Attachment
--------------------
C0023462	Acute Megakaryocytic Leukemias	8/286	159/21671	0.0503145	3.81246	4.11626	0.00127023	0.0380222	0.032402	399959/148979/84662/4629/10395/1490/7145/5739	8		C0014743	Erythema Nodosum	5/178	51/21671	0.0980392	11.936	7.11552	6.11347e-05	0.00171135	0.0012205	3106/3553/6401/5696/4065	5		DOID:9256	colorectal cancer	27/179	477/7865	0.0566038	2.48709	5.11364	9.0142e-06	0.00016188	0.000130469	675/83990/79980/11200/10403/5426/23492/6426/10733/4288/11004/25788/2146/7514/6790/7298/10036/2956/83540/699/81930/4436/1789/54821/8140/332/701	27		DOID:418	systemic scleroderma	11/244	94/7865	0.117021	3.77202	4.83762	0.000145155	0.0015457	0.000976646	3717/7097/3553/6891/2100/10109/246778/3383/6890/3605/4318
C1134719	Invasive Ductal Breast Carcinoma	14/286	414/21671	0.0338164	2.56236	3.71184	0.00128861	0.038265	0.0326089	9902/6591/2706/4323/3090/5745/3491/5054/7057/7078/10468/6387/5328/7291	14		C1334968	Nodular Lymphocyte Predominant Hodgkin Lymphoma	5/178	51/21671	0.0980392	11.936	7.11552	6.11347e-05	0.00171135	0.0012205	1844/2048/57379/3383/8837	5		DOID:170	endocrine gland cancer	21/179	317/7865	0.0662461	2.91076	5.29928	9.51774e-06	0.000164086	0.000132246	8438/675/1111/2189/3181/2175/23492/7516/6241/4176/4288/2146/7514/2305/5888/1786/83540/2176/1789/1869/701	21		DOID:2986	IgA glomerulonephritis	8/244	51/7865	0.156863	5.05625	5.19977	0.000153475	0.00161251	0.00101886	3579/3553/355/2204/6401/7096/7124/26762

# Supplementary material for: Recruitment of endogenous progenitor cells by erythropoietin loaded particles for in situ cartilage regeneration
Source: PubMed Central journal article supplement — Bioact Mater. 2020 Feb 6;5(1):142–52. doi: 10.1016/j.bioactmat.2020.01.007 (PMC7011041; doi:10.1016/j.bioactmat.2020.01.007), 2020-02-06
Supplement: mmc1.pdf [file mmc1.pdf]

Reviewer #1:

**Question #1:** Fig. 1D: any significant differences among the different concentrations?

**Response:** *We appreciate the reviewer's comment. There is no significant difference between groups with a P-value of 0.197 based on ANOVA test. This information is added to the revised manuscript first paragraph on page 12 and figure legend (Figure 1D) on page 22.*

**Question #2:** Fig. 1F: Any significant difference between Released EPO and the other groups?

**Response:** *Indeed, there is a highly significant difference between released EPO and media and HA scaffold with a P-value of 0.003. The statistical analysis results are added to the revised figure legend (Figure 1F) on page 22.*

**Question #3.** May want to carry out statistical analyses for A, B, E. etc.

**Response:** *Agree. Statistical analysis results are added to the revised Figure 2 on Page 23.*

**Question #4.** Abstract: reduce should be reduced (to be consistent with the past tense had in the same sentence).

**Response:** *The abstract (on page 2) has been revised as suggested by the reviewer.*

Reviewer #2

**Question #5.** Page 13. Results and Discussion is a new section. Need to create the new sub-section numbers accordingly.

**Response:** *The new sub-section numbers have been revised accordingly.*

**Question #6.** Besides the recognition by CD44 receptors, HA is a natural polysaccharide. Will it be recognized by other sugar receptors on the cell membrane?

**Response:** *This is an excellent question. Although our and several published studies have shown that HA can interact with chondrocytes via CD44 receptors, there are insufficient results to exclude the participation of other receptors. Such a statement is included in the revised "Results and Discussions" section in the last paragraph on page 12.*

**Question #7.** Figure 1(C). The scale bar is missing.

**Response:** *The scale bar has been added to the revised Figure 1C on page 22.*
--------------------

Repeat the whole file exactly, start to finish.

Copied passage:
C0023462	Acute Megakaryocytic Leukemias	8/286	159/21671	0.0503145	3.81246	4.11626	0.00127023	0.0380222	0.032402	399959/148979/84662/4629/10395/1490/7145/5739	8		C0014743	Erythema Nodosum	5/178	51/21671	0.0980392	11.936	7.11552	6.11347e-05	0.00171135	0.0012205	3106/3553/6401/5696/4065	5		DOID:9256	colorectal cancer	27/179	477/7865	0.0566038	2.48709	5.11364	9.0142e-06	0.00016188	0.000130469	675/83990/79980/11200/10403/5426/23492/6426/10733/4288/11004/25788/2146/7514/6790/7298/10036/2956/83540/699/81930/4436/1789/54821/8140/332/701	27		DOID:418	systemic scleroderma	11/244	94/7865	0.117021	3.77202	4.83762	0.000145155	0.0015457	0.000976646	3717/7097/3553/6891/2100/10109/246778/3383/6890/3605/4318
C1134719	Invasive Ductal Breast Carcinoma	14/286	414/21671	0.0338164	2.56236	3.71184	0.00128861	0.038265	0.0326089	9902/6591/2706/4323/3090/5745/3491/5054/7057/7078/10468/6387/5328/7291	14		C1334968	Nodular Lymphocyte Predominant Hodgkin Lymphoma	5/178	51/21671	0.0980392	11.936	7.11552	6.11347e-05	0.00171135	0.0012205	1844/2048/57379/3383/8837	5		DOID:170	endocrine gland cancer	21/179	317/7865	0.0662461	2.91076	5.29928	9.51774e-06	0.000164086	0.000132246	8438/675/1111/2189/3181/2175/23492/7516/6241/4176/4288/2146/7514/2305/5888/1786/83540/2176/1789/1869/701	21		DOID:2986	IgA glomerulonephritis	8/244	51/7865	0.156863	5.05625	5.19977	0.000153475	0.00161251	0.00101886	3579/3553/355/2204/6401/7096/7124/26762

# Supplementary material for: Recruitment of endogenous progenitor cells by erythropoietin loaded particles for in situ cartilage regeneration
Source: PubMed Central journal article supplement — Bioact Mater. 2020 Feb 6;5(1):142–52. doi: 10.1016/j.bioactmat.2020.01.007 (PMC7011041; doi:10.1016/j.bioactmat.2020.01.007), 2020-02-06
Supplement: mmc1.pdf [file mmc1.pdf]

Reviewer #1:

**Question #1:** Fig. 1D: any significant differences among the different concentrations?

**Response:** *We appreciate the reviewer's comment. There is no significant difference between groups with a P-value of 0.197 based on ANOVA test. This information is added to the revised manuscript first paragraph on page 12 and figure legend (Figure 1D) on page 22.*

**Question #2:** Fig. 1F: Any significant difference between Released EPO and the other groups?

**Response:** *Indeed, there is a highly significant difference between released EPO and media and HA scaffold with a P-value of 0.003. The statistical analysis results are added to the revised figure legend (Figure 1F) on page 22.*

**Question #3.** May want to carry out statistical analyses for A, B, E. etc.

**Response:** *Agree. Statistical analysis results are added to the revised Figure 2 on Page 23.*

**Question #4.** Abstract: reduce should be reduced (to be consistent with the past tense had in the same sentence).

**Response:** *The abstract (on page 2) has been revised as suggested by the reviewer.*

Reviewer #2

**Question #5.** Page 13. Results and Discussion is a new section. Need to create the new sub-section numbers accordingly.

**Response:** *The new sub-section numbers have been revised accordingly.*

**Question #6.** Besides the recognition by CD44 receptors, HA is a natural polysaccharide. Will it be recognized by other sugar receptors on the cell membrane?

**Response:** *This is an excellent question. Although our and several published studies have shown that HA can interact with chondrocytes via CD44 receptors, there are insufficient results to exclude the participation of other receptors. Such a statement is included in the revised "Results and Discussions" section in the last paragraph on page 12.*

**Question #7.** Figure 1(C). The scale bar is missing.

**Response:** *The scale bar has been added to the revised Figure 1C on page 22.*